Find the latest articles on food allergies and sensitivities to help you have a meaningful conversation with your doctor. Topics ranging from Gluten & Schizophrenia, Problems with Pollen, and much more.

What is Celiac Disease?

Celiac disease is a genetic autoimmune disorder that occurs when the body reacts abnormally to gluten, a protein found in wheat, rye and barley. When people with celiac disease eat foods that contain gluten, an immune-mediated toxic reaction causes damage to their small intestine, as well as other systems in the body. Celiac disease affects about 1 in 133 people, an estimated 3 million Americans. Approximately 85 percent of these are thought to be undiagnosed. For more information on Celiac Disease, please read What is Celiac Disease?


For years, many people reported having celiac-like symptoms—abdominal pain, fatigue, foggy mind, joint pain, tingling of the extremities, even depression— but they repeatedly tested negative for celiac disease and responded positively to the gluten-free diet. Now...more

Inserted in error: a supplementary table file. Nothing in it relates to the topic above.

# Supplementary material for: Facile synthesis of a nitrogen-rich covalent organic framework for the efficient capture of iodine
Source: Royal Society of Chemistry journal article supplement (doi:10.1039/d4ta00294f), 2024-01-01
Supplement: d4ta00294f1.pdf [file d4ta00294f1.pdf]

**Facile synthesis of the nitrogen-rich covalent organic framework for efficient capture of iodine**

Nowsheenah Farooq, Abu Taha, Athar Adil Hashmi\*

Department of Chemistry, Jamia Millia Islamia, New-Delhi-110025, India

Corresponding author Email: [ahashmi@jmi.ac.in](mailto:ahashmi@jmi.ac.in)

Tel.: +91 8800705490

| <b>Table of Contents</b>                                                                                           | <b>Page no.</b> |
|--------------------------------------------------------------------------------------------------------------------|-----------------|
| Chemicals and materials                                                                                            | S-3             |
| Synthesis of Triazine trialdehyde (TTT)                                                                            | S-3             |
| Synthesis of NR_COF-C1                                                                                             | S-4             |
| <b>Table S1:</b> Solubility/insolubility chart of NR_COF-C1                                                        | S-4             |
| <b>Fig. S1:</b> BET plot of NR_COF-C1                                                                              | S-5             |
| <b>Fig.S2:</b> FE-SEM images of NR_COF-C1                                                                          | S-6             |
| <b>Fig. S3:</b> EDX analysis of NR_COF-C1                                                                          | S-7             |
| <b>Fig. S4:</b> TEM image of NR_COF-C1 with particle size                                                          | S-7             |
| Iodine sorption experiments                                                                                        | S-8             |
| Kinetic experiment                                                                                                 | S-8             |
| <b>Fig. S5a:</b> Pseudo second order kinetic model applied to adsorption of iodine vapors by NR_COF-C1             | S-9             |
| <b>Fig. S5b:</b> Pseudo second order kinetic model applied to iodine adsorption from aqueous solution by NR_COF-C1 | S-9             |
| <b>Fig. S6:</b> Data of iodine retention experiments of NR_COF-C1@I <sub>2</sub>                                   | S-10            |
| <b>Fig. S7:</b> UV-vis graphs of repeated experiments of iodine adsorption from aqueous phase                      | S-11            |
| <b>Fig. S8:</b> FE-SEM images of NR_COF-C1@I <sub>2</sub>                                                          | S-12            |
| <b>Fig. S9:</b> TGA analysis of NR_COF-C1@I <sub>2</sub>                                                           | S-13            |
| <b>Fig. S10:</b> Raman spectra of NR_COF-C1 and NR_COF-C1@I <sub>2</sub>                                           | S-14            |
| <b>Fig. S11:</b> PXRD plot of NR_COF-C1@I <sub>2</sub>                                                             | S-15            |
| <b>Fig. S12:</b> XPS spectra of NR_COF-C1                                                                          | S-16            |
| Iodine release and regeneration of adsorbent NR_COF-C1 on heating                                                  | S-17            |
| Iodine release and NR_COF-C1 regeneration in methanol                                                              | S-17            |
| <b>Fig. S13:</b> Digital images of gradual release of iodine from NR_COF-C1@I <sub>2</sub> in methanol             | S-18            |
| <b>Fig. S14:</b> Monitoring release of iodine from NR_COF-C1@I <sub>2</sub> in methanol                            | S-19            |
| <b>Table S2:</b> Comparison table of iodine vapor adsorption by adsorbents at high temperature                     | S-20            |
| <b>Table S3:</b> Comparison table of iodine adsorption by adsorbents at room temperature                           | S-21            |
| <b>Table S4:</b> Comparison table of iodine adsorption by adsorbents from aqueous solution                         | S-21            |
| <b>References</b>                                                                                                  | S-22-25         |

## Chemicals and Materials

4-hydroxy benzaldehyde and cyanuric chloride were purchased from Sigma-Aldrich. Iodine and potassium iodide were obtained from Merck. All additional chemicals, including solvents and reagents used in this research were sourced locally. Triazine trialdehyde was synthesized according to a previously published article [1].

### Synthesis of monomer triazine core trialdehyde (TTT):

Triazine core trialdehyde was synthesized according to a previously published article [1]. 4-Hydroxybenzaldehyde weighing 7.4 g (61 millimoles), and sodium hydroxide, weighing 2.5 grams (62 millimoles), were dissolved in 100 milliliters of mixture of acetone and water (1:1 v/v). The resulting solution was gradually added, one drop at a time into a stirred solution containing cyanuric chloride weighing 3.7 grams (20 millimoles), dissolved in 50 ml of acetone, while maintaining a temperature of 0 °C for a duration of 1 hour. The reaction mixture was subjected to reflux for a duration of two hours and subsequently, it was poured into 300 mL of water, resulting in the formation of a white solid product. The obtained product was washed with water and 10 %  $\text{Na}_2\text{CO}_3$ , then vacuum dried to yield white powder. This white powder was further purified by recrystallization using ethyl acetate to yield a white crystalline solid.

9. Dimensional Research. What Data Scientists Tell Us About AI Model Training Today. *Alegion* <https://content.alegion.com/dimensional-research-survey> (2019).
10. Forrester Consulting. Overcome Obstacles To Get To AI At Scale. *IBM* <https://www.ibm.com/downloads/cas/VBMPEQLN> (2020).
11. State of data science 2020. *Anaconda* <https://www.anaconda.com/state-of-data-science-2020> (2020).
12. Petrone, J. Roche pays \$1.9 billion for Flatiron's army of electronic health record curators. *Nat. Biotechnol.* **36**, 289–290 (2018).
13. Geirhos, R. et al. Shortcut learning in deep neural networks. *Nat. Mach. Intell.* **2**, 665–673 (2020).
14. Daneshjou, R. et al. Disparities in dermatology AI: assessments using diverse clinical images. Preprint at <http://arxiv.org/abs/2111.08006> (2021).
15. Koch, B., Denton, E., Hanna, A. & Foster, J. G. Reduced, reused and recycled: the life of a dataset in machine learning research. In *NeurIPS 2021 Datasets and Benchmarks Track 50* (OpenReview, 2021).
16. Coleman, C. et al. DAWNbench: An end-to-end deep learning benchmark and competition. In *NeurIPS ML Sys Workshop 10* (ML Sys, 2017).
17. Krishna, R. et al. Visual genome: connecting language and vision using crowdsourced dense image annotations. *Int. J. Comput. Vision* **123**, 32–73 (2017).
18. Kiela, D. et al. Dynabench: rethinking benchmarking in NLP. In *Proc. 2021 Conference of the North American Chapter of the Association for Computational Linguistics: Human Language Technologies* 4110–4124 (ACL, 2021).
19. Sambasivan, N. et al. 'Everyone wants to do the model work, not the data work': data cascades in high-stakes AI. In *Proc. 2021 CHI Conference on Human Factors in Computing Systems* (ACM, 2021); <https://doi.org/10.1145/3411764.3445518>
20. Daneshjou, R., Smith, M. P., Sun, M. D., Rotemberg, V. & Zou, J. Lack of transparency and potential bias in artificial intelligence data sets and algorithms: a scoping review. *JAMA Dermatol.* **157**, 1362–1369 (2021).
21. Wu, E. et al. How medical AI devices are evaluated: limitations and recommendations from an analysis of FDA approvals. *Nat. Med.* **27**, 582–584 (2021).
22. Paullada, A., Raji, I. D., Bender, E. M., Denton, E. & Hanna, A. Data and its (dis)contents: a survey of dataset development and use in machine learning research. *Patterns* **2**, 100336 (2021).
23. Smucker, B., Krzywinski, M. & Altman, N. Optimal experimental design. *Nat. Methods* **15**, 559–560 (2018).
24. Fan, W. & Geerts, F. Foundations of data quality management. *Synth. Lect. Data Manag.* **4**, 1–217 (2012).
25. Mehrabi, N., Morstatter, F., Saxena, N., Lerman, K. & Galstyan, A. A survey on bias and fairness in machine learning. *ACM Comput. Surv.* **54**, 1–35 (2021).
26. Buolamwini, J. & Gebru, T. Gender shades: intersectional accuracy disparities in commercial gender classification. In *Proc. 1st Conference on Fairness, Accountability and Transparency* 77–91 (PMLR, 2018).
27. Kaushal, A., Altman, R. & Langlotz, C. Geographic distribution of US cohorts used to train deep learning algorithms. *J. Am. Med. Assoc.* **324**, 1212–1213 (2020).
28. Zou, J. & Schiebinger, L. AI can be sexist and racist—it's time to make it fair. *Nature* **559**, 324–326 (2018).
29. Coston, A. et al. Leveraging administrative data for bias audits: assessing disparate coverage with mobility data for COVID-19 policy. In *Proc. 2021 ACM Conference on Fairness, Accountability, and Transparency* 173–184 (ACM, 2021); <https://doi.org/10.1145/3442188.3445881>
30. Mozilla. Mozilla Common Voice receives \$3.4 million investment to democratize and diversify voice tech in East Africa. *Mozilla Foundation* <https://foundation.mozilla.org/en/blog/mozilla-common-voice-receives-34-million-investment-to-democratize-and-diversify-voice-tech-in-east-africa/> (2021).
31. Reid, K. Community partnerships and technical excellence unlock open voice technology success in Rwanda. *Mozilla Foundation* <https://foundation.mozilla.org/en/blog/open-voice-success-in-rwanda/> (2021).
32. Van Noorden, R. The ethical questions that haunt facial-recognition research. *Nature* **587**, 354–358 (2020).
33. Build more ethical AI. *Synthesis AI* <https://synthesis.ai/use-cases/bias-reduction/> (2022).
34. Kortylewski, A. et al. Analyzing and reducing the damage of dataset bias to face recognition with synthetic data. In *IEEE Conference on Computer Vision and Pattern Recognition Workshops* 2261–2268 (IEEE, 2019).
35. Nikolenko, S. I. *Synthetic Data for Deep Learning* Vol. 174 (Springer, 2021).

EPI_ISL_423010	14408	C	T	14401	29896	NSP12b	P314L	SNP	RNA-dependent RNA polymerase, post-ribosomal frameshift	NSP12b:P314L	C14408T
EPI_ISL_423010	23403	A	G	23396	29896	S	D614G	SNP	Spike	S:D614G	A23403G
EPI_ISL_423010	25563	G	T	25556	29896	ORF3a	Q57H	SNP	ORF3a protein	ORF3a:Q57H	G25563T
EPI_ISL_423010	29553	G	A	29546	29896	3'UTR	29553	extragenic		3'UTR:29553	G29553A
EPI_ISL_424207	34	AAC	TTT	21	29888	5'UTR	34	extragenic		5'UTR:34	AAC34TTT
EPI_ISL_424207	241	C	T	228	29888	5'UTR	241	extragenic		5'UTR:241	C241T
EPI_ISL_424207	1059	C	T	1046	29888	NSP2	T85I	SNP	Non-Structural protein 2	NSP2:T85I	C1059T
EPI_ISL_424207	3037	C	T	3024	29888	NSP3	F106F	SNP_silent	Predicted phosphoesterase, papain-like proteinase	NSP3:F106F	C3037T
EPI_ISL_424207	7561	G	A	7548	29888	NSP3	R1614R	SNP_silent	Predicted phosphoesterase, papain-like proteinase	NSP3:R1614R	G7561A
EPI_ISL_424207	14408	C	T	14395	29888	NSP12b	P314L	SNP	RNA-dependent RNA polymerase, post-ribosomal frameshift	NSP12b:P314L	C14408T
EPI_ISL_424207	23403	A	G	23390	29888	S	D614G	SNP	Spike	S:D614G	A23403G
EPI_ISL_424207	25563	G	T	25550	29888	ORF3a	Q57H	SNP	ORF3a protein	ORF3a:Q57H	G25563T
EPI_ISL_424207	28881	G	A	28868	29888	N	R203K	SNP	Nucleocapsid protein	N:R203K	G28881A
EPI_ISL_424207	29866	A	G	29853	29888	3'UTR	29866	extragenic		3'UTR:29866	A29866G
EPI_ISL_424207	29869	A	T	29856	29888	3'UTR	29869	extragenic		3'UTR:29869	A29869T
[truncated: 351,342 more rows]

Research Roundup: Nannies and Food Allergy & More

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Research Roundup: Nannies and Food Allergy & More

The latest medical news for people with allergies and food sensitivities

Almost all nannies who took part in an online survey about food allergy recognized the condition as potentially life-threatening. However, only 58 percent of nannies who cared for food-allergic children had self-injectable epinephrine with them at all times and 46 percent felt uncomfortable using epinephrine in an emergency. In addition, 30 percent of nannies thought it was acceptable to pick an allergen out of a prepared meal before giving it to an allergic child and 19 percent didn’t always wash their hands after touching food allergens.

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